Just over twelve months ago, the Philippines-based carrier Cebu Pacific signed a firm order for 16 long-range A330neo aircraft. The order was a part of the airline’s broader strategy to transition to more fuel-efficient and eco-friendly aircraft while also modernizing its fleet. But a lot has changed since then, both at Cebu Pacific and across the aviation industry in general.
The A330neos were ordered along with 10 A321XLR and five A320neo single-aisle aircraft in November 2019. According to Cebu Pacific, the 16 A330neos cost US$4.8 billion. The A330neos were scheduled for delivery between 2021 and 2024. By then, Cebu Pacific planned to have an all-Airbus fleet.
The A330neos were to replace Cebu Pacific’s existing fleet of nine A330-300s. Cebu Pacific’s CEO, Lance Gokongwei, said the following in a press release seen by Simple Flying:
“The A330neo is integral to our fleet modernization program. With this purchase, we aim to reduce our fuel emissions and build a more sustainable operation.This will also give us the lowest cost per seat, at the same time enabling CEB to increase seat capacity and maximize valuable airport slots in Manila and other Asian megacities.”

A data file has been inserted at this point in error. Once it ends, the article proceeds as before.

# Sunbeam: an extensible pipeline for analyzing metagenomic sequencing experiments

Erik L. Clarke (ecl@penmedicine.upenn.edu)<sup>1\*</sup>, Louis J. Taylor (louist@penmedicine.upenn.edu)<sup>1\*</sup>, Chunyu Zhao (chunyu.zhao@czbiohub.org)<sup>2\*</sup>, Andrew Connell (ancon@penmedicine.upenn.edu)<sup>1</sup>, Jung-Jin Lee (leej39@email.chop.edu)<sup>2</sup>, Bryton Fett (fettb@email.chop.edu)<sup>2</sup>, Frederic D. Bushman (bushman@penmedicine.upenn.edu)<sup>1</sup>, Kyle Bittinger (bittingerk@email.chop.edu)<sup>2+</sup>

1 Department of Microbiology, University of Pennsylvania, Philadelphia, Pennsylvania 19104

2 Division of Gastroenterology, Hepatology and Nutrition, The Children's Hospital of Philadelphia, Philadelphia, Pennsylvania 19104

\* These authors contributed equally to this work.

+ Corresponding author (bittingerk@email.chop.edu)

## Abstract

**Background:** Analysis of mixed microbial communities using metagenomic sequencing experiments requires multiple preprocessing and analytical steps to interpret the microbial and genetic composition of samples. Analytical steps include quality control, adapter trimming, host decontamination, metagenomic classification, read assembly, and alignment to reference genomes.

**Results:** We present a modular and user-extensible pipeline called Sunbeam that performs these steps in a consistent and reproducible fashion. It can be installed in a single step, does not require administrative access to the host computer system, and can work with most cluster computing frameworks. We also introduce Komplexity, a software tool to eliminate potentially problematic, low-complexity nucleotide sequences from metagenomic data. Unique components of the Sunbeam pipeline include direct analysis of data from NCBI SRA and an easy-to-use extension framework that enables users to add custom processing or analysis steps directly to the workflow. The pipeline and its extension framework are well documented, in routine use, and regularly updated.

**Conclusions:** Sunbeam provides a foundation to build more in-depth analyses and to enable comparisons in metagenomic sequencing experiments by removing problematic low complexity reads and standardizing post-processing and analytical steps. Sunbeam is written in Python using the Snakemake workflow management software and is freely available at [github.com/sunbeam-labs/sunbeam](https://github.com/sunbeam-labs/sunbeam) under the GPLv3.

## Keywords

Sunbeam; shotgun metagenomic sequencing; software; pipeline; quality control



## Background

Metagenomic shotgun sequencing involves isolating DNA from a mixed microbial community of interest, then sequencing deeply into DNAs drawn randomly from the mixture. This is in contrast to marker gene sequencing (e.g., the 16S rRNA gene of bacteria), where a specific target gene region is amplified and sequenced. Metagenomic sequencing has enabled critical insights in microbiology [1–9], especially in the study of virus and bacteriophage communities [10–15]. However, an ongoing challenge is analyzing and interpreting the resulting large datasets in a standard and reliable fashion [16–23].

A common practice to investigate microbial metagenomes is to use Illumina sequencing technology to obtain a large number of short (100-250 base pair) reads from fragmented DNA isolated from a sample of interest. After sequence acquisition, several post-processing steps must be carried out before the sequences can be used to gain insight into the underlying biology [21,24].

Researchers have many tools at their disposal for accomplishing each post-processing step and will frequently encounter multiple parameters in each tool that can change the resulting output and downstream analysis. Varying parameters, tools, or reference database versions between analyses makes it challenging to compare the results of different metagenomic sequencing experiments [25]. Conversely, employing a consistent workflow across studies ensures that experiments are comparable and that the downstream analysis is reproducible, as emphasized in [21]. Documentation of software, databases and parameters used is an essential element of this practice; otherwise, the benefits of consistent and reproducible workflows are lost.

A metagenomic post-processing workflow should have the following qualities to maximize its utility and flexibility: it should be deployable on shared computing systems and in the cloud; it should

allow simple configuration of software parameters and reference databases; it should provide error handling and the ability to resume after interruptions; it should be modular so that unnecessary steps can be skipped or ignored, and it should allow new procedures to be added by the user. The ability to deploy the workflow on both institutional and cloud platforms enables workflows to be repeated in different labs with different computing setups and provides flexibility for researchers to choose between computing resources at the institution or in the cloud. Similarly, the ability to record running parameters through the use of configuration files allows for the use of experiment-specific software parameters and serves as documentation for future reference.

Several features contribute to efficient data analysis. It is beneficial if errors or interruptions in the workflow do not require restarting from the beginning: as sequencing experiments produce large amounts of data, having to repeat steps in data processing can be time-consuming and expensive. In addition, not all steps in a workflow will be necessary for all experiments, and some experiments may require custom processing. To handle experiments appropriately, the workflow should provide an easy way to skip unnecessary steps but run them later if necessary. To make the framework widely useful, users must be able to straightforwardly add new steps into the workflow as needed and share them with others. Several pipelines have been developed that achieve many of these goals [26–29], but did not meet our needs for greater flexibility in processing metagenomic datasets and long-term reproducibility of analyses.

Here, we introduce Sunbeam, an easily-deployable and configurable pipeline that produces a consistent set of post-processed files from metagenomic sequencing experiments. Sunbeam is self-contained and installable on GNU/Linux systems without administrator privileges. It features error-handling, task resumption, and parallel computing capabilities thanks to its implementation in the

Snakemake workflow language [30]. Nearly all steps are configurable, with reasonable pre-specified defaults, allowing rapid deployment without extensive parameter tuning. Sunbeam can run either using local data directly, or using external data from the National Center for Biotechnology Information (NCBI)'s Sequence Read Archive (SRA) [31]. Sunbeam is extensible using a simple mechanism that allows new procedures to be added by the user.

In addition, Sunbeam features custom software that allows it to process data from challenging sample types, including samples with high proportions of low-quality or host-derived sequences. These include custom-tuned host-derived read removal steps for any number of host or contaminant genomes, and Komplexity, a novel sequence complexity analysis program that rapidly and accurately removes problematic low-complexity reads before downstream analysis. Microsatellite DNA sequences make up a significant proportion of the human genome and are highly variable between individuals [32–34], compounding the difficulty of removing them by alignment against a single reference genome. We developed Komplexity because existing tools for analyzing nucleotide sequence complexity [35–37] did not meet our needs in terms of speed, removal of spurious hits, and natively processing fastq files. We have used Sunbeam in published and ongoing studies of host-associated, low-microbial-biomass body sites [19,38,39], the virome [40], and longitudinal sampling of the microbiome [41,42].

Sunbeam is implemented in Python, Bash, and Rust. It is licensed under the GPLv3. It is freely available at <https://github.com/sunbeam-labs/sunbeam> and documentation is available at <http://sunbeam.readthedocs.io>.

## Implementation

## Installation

Cebu Pacific said the A330neo could fly 5.5% more passengers than its current A330-300s and burn 12% less fuel.
The Cebu Pacific A330neo order stood out
In 2019, the aviation industry was booming, including in the Philippines and around the South East Asian neighborhood. New aircraft orders were a dime a dozen. However, Cebu Pacific’s A330neo stood out. It wanted all-economy planes that would seat 460 passengers. That would make for a fairly cozy cabin.
While that number of people on an A330 might surprise some travelers used to more spacious A330 cabins operated by full-service airlines (even the most cramped Philippine Airlines A330 seats just 363 passengers in three cabins), Cebu Pacific is a low-cost carrier with a reputation for packing its passengers in tight. Cebu Pacific’s current A330-300s pack in 436 passengers in a single-class configuration.